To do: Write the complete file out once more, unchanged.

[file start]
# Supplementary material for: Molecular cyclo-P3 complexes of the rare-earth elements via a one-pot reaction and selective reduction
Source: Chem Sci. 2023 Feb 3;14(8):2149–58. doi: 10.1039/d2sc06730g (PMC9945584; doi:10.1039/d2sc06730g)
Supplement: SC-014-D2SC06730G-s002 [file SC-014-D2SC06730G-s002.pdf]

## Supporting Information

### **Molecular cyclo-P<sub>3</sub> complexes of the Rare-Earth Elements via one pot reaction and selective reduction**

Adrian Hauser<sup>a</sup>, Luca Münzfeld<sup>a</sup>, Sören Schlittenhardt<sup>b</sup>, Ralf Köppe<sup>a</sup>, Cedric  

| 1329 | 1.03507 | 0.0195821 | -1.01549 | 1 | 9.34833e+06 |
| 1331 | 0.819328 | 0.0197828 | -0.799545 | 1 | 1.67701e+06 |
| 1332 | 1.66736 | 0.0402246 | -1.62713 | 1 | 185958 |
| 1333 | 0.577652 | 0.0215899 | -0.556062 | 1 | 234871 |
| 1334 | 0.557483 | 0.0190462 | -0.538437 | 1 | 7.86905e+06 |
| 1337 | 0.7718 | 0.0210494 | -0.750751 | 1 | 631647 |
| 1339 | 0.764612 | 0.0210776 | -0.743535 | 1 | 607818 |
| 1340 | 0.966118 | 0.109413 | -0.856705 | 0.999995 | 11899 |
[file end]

# Supplementary material for: Molecular cyclo-P3 complexes of the rare-earth elements via a one-pot reaction and selective reduction
Source: Chem Sci. 2023 Feb 3;14(8):2149–58. doi: 10.1039/d2sc06730g (PMC9945584; doi:10.1039/d2sc06730g)
Supplement: SC-014-D2SC06730G-s002 [file SC-014-D2SC06730G-s002.pdf]

## Supporting Information

### **Molecular cyclo-P<sub>3</sub> complexes of the Rare-Earth Elements via one pot reaction and selective reduction**

Adrian Hauser<sup>a</sup>, Luca Münzfeld<sup>a</sup>, Sören Schlittenhardt<sup>b</sup>, Ralf Köppe<sup>a</sup>, Cedric  

| 1329 | 1.03507 | 0.0195821 | -1.01549 | 1 | 9.34833e+06 |
| 1331 | 0.819328 | 0.0197828 | -0.799545 | 1 | 1.67701e+06 |
| 1332 | 1.66736 | 0.0402246 | -1.62713 | 1 | 185958 |
| 1333 | 0.577652 | 0.0215899 | -0.556062 | 1 | 234871 |
| 1334 | 0.557483 | 0.0190462 | -0.538437 | 1 | 7.86905e+06 |
| 1337 | 0.7718 | 0.0210494 | -0.750751 | 1 | 631647 |
| 1339 | 0.764612 | 0.0210776 | -0.743535 | 1 | 607818 |
| 1340 | 0.966118 | 0.109413 | -0.856705 | 0.999995 | 11899 |